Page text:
What you must know about the limitations of Drobo drives before you buy one. A review by pro photographer Wolf Kettler.

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What you must know about the limitations of Drobo drives before you buy one. A review by pro photographer Wolf Kettler.

I could not quite believe what I read in the FAQ on a fellow photographer’s website. The photographer answered the not unreasonable question how long clients’ photographs would be kept in a conundrum of technical excuses along the lines of “oh, everything is so difficult with digital images and we will run out of space sooner or later, so we will chuck out your photos and if you want something from two years ago, tough”.

Personally, I aim to keep all my work indefinitely. I think it is good service to do so. True, clients do not often come back for reprints after lengthy periods but it happens and in any case, a lack of disk space is no good reason to throw out my work. If you want in twenty years’ time and perhaps as a retirement present a life size print of that nude portrait that we will make next month, I want to be able to help.

The other photographer’s statement about the difficulties in storing digital images was bewildering. Technology is supposed to make life easier for us. If you run out of space, you just add another hard disk or replace the current one with a larger version. This is where my new Drobo says “hello, pleased to meet you” and my heart says “I am off now”.

Simply put, a Drobo (short for the company name Data Robotics) is a sleek little cabinet that houses a number of hard disks and groups them together so that the computer and its user see them all as one huge drive. At the risk of making myself look old, I have used computers that ran on one floppy disk, I remember when hard disk drives were first fitted in personal computers and a time when a 20 GB hard disk was magical. Now and with the help of my Drobo, I can store an unimaginably large quantity of photographs or, should I wish to pursue another career at some point in the future, run the financial affairs of a small country.

The Drobo is not a unique concept. There are many products from various manufacturers, such as LaCie, Certon and Western Digital, that do the same – group disks together to make one large drive and store everything in duplicate. If a disk fails, replace it with a new one and everything is rebuilt automatically. Run out of space and add another disk or replace it with a larger one. Technologically though and, as it turns out strictly on paper, the Drobo has advantages over its competitors, all to do with mixing drives of different sizes and rebuild procedures in case of disaster in the form of incompetent assistants, fire, earthquakes or a cup of tea that has found its way to where it should never have gone. Not to mention the vengeful ex, who is intent on destroying your life’s work.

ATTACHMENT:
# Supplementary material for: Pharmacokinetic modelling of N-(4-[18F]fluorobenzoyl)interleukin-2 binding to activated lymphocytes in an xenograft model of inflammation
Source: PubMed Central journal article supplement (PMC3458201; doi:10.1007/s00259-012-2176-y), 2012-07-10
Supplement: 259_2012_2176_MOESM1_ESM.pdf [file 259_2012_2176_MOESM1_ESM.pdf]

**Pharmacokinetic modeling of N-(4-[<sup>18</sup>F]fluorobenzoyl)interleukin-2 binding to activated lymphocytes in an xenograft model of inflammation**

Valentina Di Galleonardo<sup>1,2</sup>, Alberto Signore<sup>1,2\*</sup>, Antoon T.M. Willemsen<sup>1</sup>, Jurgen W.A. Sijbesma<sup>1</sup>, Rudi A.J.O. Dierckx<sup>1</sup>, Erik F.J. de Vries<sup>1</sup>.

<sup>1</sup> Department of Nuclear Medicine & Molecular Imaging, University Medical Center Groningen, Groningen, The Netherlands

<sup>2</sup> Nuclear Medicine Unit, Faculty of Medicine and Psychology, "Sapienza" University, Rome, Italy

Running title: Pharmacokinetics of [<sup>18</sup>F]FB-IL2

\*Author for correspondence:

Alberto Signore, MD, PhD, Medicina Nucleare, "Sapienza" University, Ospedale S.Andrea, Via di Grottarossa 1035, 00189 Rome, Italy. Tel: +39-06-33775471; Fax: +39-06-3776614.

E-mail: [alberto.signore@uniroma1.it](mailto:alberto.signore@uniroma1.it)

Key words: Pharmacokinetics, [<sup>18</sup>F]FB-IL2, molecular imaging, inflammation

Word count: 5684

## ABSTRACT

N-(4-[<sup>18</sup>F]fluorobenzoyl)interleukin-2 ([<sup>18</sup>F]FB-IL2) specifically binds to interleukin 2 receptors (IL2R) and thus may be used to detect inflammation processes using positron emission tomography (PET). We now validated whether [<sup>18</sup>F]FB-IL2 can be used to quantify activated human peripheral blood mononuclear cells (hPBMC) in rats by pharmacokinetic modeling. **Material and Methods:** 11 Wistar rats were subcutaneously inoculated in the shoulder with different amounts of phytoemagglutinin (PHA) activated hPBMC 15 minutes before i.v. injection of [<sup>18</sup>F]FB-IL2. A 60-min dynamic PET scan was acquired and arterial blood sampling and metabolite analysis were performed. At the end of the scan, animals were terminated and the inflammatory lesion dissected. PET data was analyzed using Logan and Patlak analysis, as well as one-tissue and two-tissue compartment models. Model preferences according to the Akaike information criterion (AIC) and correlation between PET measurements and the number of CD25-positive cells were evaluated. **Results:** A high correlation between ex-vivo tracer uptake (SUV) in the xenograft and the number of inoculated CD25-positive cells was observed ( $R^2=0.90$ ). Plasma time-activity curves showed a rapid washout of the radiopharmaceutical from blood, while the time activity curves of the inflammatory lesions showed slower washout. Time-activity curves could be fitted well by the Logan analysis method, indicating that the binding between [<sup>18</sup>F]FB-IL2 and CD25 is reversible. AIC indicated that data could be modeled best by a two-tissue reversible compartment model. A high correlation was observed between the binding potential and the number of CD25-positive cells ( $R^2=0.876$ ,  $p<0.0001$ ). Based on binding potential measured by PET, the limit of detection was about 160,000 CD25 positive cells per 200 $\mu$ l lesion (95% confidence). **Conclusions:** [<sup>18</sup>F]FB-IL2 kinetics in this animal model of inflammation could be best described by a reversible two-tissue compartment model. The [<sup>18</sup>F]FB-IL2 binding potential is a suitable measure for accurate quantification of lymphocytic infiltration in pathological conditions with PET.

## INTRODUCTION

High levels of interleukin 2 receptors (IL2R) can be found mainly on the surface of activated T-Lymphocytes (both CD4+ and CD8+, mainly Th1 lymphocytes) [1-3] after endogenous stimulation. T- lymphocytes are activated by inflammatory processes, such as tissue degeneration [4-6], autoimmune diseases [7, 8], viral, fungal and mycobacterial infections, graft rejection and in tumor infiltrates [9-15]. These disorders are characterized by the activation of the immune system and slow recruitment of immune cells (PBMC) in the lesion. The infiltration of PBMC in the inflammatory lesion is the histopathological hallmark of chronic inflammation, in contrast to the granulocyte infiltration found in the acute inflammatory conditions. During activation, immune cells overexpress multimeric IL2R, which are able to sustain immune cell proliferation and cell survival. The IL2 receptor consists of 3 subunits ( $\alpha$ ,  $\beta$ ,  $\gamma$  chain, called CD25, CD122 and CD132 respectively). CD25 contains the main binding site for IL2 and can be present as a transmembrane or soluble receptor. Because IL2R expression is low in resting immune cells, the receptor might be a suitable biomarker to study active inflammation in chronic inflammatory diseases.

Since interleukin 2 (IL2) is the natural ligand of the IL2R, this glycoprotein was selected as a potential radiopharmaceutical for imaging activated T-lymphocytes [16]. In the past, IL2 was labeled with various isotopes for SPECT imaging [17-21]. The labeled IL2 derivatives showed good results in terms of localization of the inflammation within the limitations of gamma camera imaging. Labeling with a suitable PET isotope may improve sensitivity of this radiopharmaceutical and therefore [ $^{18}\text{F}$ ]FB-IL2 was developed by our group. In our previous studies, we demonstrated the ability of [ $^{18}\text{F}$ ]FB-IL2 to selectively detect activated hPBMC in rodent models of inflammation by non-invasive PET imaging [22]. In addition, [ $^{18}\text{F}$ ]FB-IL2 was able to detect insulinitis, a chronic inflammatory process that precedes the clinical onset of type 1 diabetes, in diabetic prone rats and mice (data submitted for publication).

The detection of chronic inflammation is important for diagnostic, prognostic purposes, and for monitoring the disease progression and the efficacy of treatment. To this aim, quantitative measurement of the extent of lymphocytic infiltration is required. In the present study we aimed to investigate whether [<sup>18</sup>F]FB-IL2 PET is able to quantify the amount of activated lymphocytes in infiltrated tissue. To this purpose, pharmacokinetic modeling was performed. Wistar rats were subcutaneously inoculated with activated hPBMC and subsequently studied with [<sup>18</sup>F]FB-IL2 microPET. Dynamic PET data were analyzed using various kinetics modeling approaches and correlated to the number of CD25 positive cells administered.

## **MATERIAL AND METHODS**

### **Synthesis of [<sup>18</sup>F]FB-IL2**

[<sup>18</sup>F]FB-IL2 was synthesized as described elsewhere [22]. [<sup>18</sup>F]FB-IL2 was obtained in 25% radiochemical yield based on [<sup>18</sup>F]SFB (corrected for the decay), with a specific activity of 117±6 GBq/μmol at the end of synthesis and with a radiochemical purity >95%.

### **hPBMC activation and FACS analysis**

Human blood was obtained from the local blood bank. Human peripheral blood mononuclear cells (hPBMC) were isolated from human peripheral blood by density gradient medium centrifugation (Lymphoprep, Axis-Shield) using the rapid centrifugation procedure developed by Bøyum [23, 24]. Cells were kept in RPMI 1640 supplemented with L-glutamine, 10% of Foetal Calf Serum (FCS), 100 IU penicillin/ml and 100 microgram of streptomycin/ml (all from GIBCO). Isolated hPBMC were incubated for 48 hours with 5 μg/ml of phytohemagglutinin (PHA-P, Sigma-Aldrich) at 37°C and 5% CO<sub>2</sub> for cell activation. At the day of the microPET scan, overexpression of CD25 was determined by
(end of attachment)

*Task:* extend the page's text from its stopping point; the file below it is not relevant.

The Drobo has also some disadvantages, which are serious enough to make the rivals look like a lifeboat crew when you are about to drown out at sea. Annoyingly, but not surprisingly, the manufacturer keeps quiet about the less lovable characteristics. After all, if you knew about the product’s faults, you would not buy it, would you?

The energy saving Sleep feature

Computers putting themselves to sleep after a while of inactivity is standard these days. Great for your electricity bill, probably great for the computer’s life span and great for the environment. Unfortunately, when my Drobo goes to sleep, he is not inclined to wake up again easily, no matter how much I tickle him under his chin. (Yes, it’s a he and not an it.)

I remember the first time my Drobo went to sleep as if it were yesterday. Granted, it was only last month. He should have woken up and stood to attention, ready for action, in the same way as the rest of the system. Alas, there was no gentle whirring of a hard disk, no sparkle of a light, not even a flicker of an eyelid. There was not a grain of doubt in my mind: My Drobo was seriously ill, possibly struck down with a rare disorder.

When I said “my Drobo is always so sleepy. He does not want to wake up” to the Drobo support people, they suggested trying this, trying that and trying the other, none of which made any difference. He would perform whilst awake but if I let him go to sleep, he would sink into deep unconsciousness.

“Is my Drobo suffering from narcolepsy?” I asked after nearly a month and wondered whether I should feed him amphetamines.

“No, it’s not that”, the friendly support person reassured me. “It is a known issue. There is nothing you can do except unplug and re-plug it every time.”

Unplug and re-plug? Some technical solutions have a distinct stone age charm. It took them nearly a month to let me in on the secret. A month, during which I spent hours trying, well, this and that and the other.

The Drobo people told me that they were “hoping to resolve soon”, which of course means that there might be a fix next month, next year or never. I believe that this is what is called not good enough.

I should know better but I could not help myself and voiced my disappointment on twitter – and received a prompt reprimand from somebody, who claims to be the Senior Director of some department or other at Drobo. On his twitter account he says that Drobo is “the coolest storage on the planet”. If it worked as it should I would agree.

“Please enlighten me .. what Drobo functions do not work”, he demanded.

So I did, enlighten him, that is, and this was the end of our brief encounter. I expect that he did not want to be enlightened in so much detail and I have to face up to the fact that I was a mere fling to him; a one-tweet stand.

Data restoration

One of the attractions of a drive like the Drobo is the ease, with which data can be rebuilt in case of something really bad happening. As it is composed of a number of disks and the data is stored in clever duplicate on another, if one disk fails, you can simply swap it for a new one and the drive rebuilds the data automatically. If you are of a paranoid persuasion, you can have it keep three copies, including the original.